Our monastic community sings with all its skill our hymns of praise to the glory of God and intercedes for the poverty, pain and needs of all humanity. In our monastic timetable, time and history are only the outward aspect of an inward, hidden, spiritual activity which joins earth to heaven, time to eternity, humanity with God, as seven times daily we join company with these angelic messengers in their to-ing and fro-ing from heaven to earth and from earth to heaven, mystically engaged in the secret commerce of the world’s salvation.
We do what is done in many places
but we dare to do it
in another mode
after the mystic model
of an angelic paean.
“The Father is seeking Adorers in spirit and in truth”. (John 4:23)
THE TYBURN NUNS – Adorers of the Sacred Heart of Jesus of Montmartre, Order of St Benedict
Adoration is the first attitude of man acknowledging that he is a creature before his Creator. It exalts the greatness of the Lord who made us and the almighty power of the Saviour who sets us free from evil. Adoration is homage of the spirit to the “King of Glory,” respectful silence in the presence of the “ever greater” God. Adoration of the thrice-holy and sovereign God of love blends with humility and gives assurance to our supplications.
The Presence of Christ by the power of His Word and the Holy Spirit
The mode of Christ’s presence under the Eucharistic species is unique. It raises the Eucharist above all the sacraments as “the perfection of the spiritual life and the end to which all the sacraments tend.” In the Most Blessed Sacrament of the Eucharist “the body and blood, together with the soul and divinity, of our Lord Jesus Christ and, therefore, the whole Christ is truly, really, and substantially contained.” “This presence is called ‘real’ – by which is not intended to exclude the other types of presence as if they could not be ‘real’ too, but because it is presence in the fullest sense: that is to say, it is a substantial presence by which Christ, God and man, makes himself wholly and entirely present.”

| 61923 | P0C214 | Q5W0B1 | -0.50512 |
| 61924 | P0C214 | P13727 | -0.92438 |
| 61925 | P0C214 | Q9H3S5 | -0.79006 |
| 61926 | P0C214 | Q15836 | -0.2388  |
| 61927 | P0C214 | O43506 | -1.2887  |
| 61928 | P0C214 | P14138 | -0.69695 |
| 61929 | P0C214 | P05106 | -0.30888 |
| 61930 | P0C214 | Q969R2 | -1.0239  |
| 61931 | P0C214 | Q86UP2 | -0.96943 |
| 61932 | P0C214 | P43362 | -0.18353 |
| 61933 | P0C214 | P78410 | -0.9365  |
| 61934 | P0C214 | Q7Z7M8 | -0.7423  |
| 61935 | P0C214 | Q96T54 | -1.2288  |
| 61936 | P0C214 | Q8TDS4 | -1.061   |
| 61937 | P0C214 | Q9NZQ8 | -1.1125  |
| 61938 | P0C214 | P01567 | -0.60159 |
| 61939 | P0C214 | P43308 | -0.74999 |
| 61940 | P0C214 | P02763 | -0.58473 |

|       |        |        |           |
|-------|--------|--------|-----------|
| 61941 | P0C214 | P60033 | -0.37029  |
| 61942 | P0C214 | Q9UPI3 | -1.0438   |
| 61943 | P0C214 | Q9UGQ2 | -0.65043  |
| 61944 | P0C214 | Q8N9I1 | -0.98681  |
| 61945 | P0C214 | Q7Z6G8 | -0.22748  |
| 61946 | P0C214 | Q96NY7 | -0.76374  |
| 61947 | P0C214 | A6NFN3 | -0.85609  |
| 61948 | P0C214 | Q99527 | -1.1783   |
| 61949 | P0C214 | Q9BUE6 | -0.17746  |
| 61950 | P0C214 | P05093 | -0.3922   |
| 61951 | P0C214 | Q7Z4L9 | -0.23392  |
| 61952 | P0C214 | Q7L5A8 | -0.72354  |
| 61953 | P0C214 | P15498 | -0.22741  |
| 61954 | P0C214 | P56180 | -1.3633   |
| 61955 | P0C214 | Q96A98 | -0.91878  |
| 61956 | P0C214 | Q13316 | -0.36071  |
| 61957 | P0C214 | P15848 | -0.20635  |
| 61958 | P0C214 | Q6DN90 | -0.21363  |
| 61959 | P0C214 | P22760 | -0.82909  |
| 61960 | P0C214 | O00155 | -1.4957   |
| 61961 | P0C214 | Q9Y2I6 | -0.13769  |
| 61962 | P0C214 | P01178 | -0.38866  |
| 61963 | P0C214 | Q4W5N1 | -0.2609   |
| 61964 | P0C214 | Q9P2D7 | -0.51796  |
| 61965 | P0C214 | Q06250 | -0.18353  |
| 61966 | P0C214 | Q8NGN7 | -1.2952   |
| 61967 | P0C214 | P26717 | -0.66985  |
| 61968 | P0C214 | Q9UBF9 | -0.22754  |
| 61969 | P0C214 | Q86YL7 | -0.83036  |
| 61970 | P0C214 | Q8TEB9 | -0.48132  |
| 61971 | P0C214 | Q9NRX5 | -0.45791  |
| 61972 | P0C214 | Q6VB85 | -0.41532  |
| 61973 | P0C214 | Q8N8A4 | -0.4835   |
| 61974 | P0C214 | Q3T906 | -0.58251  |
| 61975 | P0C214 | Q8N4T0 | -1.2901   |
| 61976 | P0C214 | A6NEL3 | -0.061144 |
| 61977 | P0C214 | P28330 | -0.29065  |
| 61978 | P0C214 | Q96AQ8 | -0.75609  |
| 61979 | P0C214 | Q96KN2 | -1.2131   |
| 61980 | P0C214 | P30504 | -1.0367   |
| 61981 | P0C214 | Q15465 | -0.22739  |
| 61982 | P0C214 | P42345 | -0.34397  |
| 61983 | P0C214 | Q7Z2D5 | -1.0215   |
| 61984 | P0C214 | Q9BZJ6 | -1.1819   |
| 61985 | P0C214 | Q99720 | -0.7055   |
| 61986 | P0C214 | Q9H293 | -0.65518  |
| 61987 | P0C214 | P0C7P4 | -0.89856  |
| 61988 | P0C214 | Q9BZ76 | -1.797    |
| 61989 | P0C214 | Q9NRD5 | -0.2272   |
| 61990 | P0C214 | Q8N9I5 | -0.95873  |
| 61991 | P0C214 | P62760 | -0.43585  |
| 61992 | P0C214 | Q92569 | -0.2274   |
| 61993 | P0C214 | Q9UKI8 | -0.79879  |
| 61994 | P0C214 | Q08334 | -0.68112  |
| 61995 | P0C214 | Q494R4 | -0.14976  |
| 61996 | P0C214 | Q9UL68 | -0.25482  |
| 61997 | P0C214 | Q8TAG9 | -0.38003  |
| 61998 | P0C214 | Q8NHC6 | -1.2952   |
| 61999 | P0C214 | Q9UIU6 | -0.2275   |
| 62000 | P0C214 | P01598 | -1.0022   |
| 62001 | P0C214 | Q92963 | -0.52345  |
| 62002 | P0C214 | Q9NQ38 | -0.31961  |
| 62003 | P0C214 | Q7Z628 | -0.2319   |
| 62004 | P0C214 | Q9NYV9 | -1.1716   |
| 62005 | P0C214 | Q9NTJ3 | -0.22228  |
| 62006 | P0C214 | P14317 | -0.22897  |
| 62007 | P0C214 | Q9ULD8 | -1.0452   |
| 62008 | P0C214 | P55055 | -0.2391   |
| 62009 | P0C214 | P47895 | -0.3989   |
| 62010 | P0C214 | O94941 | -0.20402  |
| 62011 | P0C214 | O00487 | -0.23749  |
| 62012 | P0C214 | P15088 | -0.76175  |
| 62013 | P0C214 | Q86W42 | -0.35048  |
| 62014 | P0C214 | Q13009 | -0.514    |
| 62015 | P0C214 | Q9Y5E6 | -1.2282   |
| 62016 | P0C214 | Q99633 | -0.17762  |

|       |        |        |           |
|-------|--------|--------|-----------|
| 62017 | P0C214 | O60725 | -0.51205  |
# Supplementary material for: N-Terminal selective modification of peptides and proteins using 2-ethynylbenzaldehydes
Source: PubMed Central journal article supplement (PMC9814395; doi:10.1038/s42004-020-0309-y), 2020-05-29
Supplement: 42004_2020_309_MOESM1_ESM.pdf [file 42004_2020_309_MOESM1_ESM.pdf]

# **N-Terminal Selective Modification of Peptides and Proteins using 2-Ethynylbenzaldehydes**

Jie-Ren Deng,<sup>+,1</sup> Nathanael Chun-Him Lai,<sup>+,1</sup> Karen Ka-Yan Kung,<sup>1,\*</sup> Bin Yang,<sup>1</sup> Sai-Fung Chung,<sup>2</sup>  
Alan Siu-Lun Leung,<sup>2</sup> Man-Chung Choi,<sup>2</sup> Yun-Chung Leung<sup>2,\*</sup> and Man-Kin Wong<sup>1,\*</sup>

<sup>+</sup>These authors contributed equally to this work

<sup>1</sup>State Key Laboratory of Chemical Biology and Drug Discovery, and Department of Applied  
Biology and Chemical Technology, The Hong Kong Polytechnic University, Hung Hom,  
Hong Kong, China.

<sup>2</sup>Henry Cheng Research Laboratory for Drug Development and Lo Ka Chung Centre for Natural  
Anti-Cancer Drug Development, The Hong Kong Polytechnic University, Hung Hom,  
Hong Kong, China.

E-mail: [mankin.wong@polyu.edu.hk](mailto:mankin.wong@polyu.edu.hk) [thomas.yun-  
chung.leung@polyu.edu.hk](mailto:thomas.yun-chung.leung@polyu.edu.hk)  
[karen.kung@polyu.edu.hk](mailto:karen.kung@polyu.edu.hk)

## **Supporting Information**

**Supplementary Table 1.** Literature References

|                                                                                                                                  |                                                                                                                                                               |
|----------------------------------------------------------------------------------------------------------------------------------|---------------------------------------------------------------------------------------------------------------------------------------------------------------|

Worship of the Eucharist
In the liturgy of the Mass we express our faith in the real presence of Christ under the species of bread and wine by, among other ways, genuflecting or bowing deeply as a sign of adoration of the Lord. “The Catholic Church has always offered and still offers to the sacrament of the Eucharist the cult of adoration, not only during Mass, but also outside of it, reserving the consecrated hosts with the utmost care, exposing them to the solemn veneration of the faithful, and carrying them in procession.”
The Perpetual Adoration of the Blessed Sacrament is the overflow and consequence of our deep sharing in the Eucharistic sacrifice and the liturgy of praise. This Eucharistic service is an anticipation of the heavenly liturgy spoken of in the Book of Revelation where those who have washed their robes in the blood of the Lamb stand before the throne of God and serve Him day and night in His temple, the Lord Himself dwelling in their midst.
– Book of Customs and Counsels of the Congregation of the Adorers of the Sacred Heart of Jesus of Montmartre OSB
“How good it is for us to contemplate and adore Jesus in the Cenacle, in the Garden, on Calvary on the Cross. In the Eucharist He is always really in the state in which we are gazing on Him in faith, although this manner of being there may be mystical and immutable, and not subject to change as in His mortal life. His unique state in the Eucharist contains in itself all His divine states and He is there, the living Jesus, for us an inexhaustible source of contemplation and actual adoration.”